Also, some people might feel too shy or embarrassed to discuss their symptoms and problems with a healthcare provider. Instead, they might determine what’s wrong and treat themselves based on their own research and understanding.

The Risks of Self-Medication in Dual Diagnosis

Self-medicating when you have a dual diagnosis can be risky and affect both your physical and mental health in the short and long term. Here are some of the risks involved:

Choosing the Wrong Medication

If you try to diagnose and treat yourself, there’s a chance you might misunderstand your symptoms or pick a treatment that doesn’t suit your needs. Using the wrong medication can make your condition worse or even cause severe reactions.

Increasing Dependence on Substances

When you self-medicate with drugs or alcohol to relieve symptoms, you might start relying more and more on these substances. This can lead to physical health problems and make your existing mental health issues more complicated.

Masking Underlying Issues

By self-medicating, you might just be covering up the real problems behind your mental health condition. This can make your condition worse or prolong it because you’re not getting the right treatment.

Risk of Dangerous Side Effects

If you’re already taking prescribed medication and you add other substances to the mix, you could end up with dangerous side effects. There’s also the risk of allergic reactions or using something that your doctor wouldn’t recommend, which could have the opposite effect of what you need.

Take the First Step Towards Healing

The temptation to self-medicate when facing a dual diagnosis is understandable. However, the risks of self-medication far outweigh the temporary relief it might provide. Remember, choosing the path of professional dual diagnosis treatment is not just about managing symptoms—it’s about addressing the root causes of your struggles and embarking on a journey toward lasting recovery and well-being.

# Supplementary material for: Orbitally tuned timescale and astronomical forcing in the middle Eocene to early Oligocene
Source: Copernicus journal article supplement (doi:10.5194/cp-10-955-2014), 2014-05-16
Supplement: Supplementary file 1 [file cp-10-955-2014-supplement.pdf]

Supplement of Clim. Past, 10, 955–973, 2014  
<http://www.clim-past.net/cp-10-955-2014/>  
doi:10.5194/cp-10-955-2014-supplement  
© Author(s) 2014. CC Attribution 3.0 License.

If you or someone you know is navigating the complexities of a dual diagnosis, it’s important to reach out for professional help. The Massachusetts Center for Addiction is here to support you every step of the way. Our team of experts understands the unique challenges of dual diagnosis and is equipped with the knowledge and compassion to guide you toward a healthier, more fulfilling life.

Don’t let the hurdles of dual diagnosis hold you back. Contact the Massachusetts Center for Addiction today, and take the first step on your path to recovery. Your health, your well-being, and your future are worth it.

MCA Staff
Written By

MCA Staff

The Massachusetts Center for Addiction expert staff is dedicated to helping individuals overcome... Read More

Contact Us



1515 Hancock Street, Suite 300
Quincy, MA 02169

Phone Number

24/7 Support

Start your recovery with
Massachusetts Center for Addiction

Our team is available 24 hours a day, 7 days a week to answer any questions you may have. Give us a call today and begin your journey toward long-term recovery.

MCA Contact Form